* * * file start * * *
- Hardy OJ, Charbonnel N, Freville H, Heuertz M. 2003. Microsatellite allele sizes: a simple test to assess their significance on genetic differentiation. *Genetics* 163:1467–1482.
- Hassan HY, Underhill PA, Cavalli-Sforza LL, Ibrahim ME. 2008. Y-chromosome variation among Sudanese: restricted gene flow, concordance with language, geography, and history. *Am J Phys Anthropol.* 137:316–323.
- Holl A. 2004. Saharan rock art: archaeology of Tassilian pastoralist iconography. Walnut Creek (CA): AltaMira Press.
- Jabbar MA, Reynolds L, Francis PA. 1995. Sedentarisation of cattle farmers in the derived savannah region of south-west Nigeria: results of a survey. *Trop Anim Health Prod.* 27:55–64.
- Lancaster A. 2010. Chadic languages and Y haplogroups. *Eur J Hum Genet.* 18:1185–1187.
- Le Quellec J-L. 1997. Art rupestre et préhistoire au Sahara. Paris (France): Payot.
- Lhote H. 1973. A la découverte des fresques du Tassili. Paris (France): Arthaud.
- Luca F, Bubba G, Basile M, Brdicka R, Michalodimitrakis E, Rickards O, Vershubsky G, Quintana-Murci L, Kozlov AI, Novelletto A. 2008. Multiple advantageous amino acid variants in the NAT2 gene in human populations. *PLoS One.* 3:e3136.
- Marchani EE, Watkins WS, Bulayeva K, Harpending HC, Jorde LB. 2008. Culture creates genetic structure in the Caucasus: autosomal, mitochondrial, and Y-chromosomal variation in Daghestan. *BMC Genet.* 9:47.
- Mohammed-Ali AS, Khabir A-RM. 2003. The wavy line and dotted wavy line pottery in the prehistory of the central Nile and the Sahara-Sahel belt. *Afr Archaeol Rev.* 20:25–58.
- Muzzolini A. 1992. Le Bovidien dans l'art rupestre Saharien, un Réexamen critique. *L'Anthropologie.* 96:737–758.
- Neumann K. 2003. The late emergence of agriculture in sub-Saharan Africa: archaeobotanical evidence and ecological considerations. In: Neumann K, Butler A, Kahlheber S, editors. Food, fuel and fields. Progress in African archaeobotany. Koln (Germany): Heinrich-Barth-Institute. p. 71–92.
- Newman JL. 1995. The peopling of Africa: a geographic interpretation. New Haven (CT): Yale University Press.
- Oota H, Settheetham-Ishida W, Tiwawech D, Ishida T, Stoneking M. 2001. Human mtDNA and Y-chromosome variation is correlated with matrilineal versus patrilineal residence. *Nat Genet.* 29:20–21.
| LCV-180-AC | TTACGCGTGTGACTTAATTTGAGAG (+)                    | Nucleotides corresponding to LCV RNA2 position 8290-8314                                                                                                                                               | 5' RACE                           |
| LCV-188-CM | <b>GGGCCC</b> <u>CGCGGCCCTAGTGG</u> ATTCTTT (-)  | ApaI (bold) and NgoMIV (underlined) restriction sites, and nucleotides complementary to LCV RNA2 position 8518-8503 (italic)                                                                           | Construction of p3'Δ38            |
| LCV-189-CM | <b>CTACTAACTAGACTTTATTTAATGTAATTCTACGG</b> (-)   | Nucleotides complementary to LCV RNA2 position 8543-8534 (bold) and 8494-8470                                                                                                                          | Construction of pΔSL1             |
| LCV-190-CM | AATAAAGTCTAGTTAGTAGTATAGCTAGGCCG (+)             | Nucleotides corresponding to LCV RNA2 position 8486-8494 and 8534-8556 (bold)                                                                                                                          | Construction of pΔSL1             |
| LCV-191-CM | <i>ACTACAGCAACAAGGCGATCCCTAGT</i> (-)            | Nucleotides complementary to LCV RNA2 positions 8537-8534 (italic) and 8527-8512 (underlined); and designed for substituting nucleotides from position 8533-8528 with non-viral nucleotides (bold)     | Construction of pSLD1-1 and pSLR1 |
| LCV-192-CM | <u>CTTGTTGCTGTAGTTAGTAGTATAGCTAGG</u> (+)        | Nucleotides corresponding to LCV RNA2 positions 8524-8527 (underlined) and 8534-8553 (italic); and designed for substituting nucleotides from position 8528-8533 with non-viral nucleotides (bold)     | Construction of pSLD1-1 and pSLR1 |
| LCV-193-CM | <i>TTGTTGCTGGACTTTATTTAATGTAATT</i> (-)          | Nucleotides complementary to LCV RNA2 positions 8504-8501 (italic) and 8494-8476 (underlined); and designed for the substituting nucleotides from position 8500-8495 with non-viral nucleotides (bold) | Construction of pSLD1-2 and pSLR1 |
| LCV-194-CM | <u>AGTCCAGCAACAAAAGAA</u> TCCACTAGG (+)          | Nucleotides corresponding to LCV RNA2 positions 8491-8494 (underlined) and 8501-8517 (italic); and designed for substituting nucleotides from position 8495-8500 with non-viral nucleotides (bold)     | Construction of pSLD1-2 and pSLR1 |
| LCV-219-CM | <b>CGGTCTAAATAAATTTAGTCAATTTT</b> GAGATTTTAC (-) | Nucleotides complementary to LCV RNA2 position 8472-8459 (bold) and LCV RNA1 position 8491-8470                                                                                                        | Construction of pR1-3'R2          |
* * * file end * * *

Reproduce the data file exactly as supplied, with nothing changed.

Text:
- Hardy OJ, Charbonnel N, Freville H, Heuertz M. 2003. Microsatellite allele sizes: a simple test to assess their significance on genetic differentiation. *Genetics* 163:1467–1482.
- Hassan HY, Underhill PA, Cavalli-Sforza LL, Ibrahim ME. 2008. Y-chromosome variation among Sudanese: restricted gene flow, concordance with language, geography, and history. *Am J Phys Anthropol.* 137:316–323.
- Holl A. 2004. Saharan rock art: archaeology of Tassilian pastoralist iconography. Walnut Creek (CA): AltaMira Press.
- Jabbar MA, Reynolds L, Francis PA. 1995. Sedentarisation of cattle farmers in the derived savannah region of south-west Nigeria: results of a survey. *Trop Anim Health Prod.* 27:55–64.
- Lancaster A. 2010. Chadic languages and Y haplogroups. *Eur J Hum Genet.* 18:1185–1187.
- Le Quellec J-L. 1997. Art rupestre et préhistoire au Sahara. Paris (France): Payot.
- Lhote H. 1973. A la découverte des fresques du Tassili. Paris (France): Arthaud.
- Luca F, Bubba G, Basile M, Brdicka R, Michalodimitrakis E, Rickards O, Vershubsky G, Quintana-Murci L, Kozlov AI, Novelletto A. 2008. Multiple advantageous amino acid variants in the NAT2 gene in human populations. *PLoS One.* 3:e3136.
- Marchani EE, Watkins WS, Bulayeva K, Harpending HC, Jorde LB. 2008. Culture creates genetic structure in the Caucasus: autosomal, mitochondrial, and Y-chromosomal variation in Daghestan. *BMC Genet.* 9:47.
- Mohammed-Ali AS, Khabir A-RM. 2003. The wavy line and dotted wavy line pottery in the prehistory of the central Nile and the Sahara-Sahel belt. *Afr Archaeol Rev.* 20:25–58.
- Muzzolini A. 1992. Le Bovidien dans l'art rupestre Saharien, un Réexamen critique. *L'Anthropologie.* 96:737–758.
- Neumann K. 2003. The late emergence of agriculture in sub-Saharan Africa: archaeobotanical evidence and ecological considerations. In: Neumann K, Butler A, Kahlheber S, editors. Food, fuel and fields. Progress in African archaeobotany. Koln (Germany): Heinrich-Barth-Institute. p. 71–92.
- Newman JL. 1995. The peopling of Africa: a geographic interpretation. New Haven (CT): Yale University Press.
- Oota H, Settheetham-Ishida W, Tiwawech D, Ishida T, Stoneking M. 2001. Human mtDNA and Y-chromosome variation is correlated with matrilineal versus patrilineal residence. *Nat Genet.* 29:20–21.
| LCV-180-AC | TTACGCGTGTGACTTAATTTGAGAG (+)                    | Nucleotides corresponding to LCV RNA2 position 8290-8314                                                                                                                                               | 5' RACE                           |
| LCV-188-CM | <b>GGGCCC</b> <u>CGCGGCCCTAGTGG</u> ATTCTTT (-)  | ApaI (bold) and NgoMIV (underlined) restriction sites, and nucleotides complementary to LCV RNA2 position 8518-8503 (italic)                                                                           | Construction of p3'Δ38            |
| LCV-189-CM | <b>CTACTAACTAGACTTTATTTAATGTAATTCTACGG</b> (-)   | Nucleotides complementary to LCV RNA2 position 8543-8534 (bold) and 8494-8470                                                                                                                          | Construction of pΔSL1             |
| LCV-190-CM | AATAAAGTCTAGTTAGTAGTATAGCTAGGCCG (+)             | Nucleotides corresponding to LCV RNA2 position 8486-8494 and 8534-8556 (bold)                                                                                                                          | Construction of pΔSL1             |
| LCV-191-CM | <i>ACTACAGCAACAAGGCGATCCCTAGT</i> (-)            | Nucleotides complementary to LCV RNA2 positions 8537-8534 (italic) and 8527-8512 (underlined); and designed for substituting nucleotides from position 8533-8528 with non-viral nucleotides (bold)     | Construction of pSLD1-1 and pSLR1 |
| LCV-192-CM | <u>CTTGTTGCTGTAGTTAGTAGTATAGCTAGG</u> (+)        | Nucleotides corresponding to LCV RNA2 positions 8524-8527 (underlined) and 8534-8553 (italic); and designed for substituting nucleotides from position 8528-8533 with non-viral nucleotides (bold)     | Construction of pSLD1-1 and pSLR1 |
| LCV-193-CM | <i>TTGTTGCTGGACTTTATTTAATGTAATT</i> (-)          | Nucleotides complementary to LCV RNA2 positions 8504-8501 (italic) and 8494-8476 (underlined); and designed for the substituting nucleotides from position 8500-8495 with non-viral nucleotides (bold) | Construction of pSLD1-2 and pSLR1 |
| LCV-194-CM | <u>AGTCCAGCAACAAAAGAA</u> TCCACTAGG (+)          | Nucleotides corresponding to LCV RNA2 positions 8491-8494 (underlined) and 8501-8517 (italic); and designed for substituting nucleotides from position 8495-8500 with non-viral nucleotides (bold)     | Construction of pSLD1-2 and pSLR1 |
| LCV-219-CM | <b>CGGTCTAAATAAATTTAGTCAATTTT</b> GAGATTTTAC (-) | Nucleotides complementary to LCV RNA2 position 8472-8459 (bold) and LCV RNA1 position 8491-8470                                                                                                        | Construction of pR1-3'R2          |